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Interim Budget 2019: What's in store for investors, taxpayers, economy?

With barely a few days left for the NDA (National Democratic Alliance) government to present the Interim Budget 2019, most domestic and foreign brokerages expect the measures to have a populist undertone ahead of the general elections scheduled for April / May 2019.

From doling out sops for the farm sector and providing some relief to the individual income-tax payers, here’s what leading brokerages expect. 


The pressure to further expand the farmer welfare programme ahead of the 2019 national elections is high for PM Modi. A possible announcement of a nationwide direct farmer support scheme is quite likely, or possibly even earlier. A Telangana-style scheme could cost ~ Rs1.2trn, further complicating fiscal maths, as it could be a recurring liability. The RBI’s possible large dividend might help just one time. 

The GST-led tax revenue shortfall of 75-80bps of GDP is not reflected in the reduced government expenditure for FY19 due to off-balance-sheet funding, which is not a sustainable solution and will create its own problems later and distort the reported fiscal deficit for FY19. 

We expect the ‘real’ government expenditure growth to slow down. The impact on capex will be even greater if the farmer support scheme is implemented. ITC should see some relief rally, as the budget is unlikely to tinker with tobacco taxation.

Bank of America Merrill Lynch

We expect the Center to target a fiscal deficit of 3.5% of GDP in FY20, after ending FY19 at 3.7%, 40bp higher than target. This should be funded by running down the Center's surplus with the RBI without additional issuance. While a pre-election Budget should ideally not propose new direct taxes, the finance minister should take steps to alleviate stress in rural India (metaphorically Bharat) via subvention or direct income transfer and for small industries via subvention.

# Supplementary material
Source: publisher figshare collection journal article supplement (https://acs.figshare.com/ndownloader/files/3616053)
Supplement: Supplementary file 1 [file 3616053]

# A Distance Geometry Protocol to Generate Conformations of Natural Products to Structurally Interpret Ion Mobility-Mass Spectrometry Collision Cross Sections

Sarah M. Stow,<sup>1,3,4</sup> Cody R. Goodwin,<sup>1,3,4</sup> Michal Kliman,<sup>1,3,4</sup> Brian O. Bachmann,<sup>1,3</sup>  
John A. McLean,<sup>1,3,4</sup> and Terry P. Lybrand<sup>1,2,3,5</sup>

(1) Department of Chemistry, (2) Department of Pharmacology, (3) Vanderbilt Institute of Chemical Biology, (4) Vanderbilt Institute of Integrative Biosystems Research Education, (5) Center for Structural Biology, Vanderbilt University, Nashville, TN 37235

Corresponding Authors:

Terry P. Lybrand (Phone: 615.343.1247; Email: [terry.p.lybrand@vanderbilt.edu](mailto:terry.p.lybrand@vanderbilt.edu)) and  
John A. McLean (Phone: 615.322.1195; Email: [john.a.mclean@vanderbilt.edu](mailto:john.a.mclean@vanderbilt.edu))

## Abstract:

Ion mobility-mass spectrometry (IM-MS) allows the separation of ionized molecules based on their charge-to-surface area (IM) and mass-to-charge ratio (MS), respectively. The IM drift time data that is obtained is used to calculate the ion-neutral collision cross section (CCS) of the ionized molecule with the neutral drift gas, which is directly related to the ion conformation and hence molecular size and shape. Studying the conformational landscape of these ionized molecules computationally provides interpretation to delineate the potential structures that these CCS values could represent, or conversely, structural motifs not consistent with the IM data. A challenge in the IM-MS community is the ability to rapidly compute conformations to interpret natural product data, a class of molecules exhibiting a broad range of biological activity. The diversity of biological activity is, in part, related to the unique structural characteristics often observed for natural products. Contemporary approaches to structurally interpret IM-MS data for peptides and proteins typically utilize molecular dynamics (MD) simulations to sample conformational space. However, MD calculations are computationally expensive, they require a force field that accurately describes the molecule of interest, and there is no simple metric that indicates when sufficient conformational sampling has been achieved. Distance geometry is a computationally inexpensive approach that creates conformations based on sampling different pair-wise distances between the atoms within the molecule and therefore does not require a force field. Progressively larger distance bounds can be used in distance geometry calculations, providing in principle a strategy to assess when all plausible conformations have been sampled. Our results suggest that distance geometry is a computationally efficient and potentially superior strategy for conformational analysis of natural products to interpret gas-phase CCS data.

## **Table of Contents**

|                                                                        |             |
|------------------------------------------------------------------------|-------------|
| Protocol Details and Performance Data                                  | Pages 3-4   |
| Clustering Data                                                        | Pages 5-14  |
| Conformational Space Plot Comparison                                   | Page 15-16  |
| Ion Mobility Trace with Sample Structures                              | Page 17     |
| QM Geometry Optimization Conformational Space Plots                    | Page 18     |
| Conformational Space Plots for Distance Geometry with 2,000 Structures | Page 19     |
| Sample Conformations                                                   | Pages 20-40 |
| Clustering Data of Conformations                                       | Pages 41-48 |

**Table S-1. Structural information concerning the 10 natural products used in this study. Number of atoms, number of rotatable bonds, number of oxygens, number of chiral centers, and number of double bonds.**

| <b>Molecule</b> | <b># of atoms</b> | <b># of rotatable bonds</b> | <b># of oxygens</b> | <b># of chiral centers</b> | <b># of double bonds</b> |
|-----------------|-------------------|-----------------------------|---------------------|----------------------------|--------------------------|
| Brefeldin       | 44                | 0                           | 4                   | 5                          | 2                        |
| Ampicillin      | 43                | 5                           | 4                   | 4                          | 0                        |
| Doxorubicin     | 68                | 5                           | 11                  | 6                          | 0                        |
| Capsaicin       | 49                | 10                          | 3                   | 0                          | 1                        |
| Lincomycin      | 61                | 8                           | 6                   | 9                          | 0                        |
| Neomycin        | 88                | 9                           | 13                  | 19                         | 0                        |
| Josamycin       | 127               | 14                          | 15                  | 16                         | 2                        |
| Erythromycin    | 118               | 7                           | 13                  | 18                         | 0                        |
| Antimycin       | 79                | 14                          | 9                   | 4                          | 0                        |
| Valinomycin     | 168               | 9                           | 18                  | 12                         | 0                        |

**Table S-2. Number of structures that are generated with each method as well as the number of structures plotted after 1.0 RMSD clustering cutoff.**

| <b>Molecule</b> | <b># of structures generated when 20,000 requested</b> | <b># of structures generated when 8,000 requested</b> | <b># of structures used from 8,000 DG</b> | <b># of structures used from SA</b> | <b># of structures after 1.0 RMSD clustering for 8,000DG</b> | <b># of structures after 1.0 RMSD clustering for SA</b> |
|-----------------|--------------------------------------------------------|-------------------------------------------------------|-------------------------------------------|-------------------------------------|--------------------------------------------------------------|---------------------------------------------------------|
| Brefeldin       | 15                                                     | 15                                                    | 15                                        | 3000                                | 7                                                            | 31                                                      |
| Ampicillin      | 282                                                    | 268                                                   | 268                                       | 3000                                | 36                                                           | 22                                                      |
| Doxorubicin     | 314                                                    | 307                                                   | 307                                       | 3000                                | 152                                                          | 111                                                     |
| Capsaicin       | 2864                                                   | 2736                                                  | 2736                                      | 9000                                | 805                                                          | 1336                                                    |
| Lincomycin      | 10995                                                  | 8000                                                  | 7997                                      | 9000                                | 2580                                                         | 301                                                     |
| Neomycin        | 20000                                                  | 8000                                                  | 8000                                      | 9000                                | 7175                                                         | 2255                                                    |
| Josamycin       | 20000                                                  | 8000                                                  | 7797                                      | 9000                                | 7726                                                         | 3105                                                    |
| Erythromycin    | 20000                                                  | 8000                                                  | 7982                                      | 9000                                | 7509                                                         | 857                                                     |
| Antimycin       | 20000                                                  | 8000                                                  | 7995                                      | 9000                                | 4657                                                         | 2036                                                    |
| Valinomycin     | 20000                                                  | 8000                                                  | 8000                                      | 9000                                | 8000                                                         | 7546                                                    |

The interim budget would provide an opportunity for the government to outline its medium-term economic priorities, specifically with regards to improving farm/rural incomes. We pencil in GFD/GDP of 3.2% in FY2020E after 3.5% for FY2019E. Outside of the farm sector, we expect a focus on micro, small and medium enterprises (MSMEs) and the middle class. We do not expect any big tax changes in the interim budget (if any, they will be announced in the final budget to be presented in June/July).

Ambit Capital

The interim budget for FY20 is likely to forecast a fiscal deficit of 3.3% of GDP whilst the actual fiscal deficit is likely to be 3.5% of GDP for FY20. Announcement of sops for farmers, SMEs, women and income taxpayers are likely to be the key features of the budget speech. Whilst these will be announced with much fanfare, the hidden features of the Budget are likely to include the absence of above-the-line allocations for banks' recapitalisation (given the expectation of windfall gains from the RBI) and the coming withdrawal of Government support to the economy in FY20 vs FY19. We urge investors to SELL overvalued consumption stocks (FMCG and auto) and non-bank finance companies (NBFCs).

Phillip Capital

Slippages that were expected at the time of the budget announcement have come true ‐ GST, disinvestment, telecom auction, LTCG tax. FY20 (IB) will likely be populist and inferior in quality. Bond yields will likely range around 7.3‐7.7 per cent, until a final budget is announced by the new government. Overall, we see the interim budget being marginally positive for consumption.

Motilal Oswal Securities

We believe that the (farm) relief package could be a mix of reallocation and new spending, considering there is a serious constraint in terms of financial resources with the central government to increase spending, especially if it doesn’t want to unsettle the bond market. Higher rural spending and a relief package for farmers appear on priority, while a significant reduction in direct taxes ‐ corporate or personal income tax ‐ looks unlikely. 

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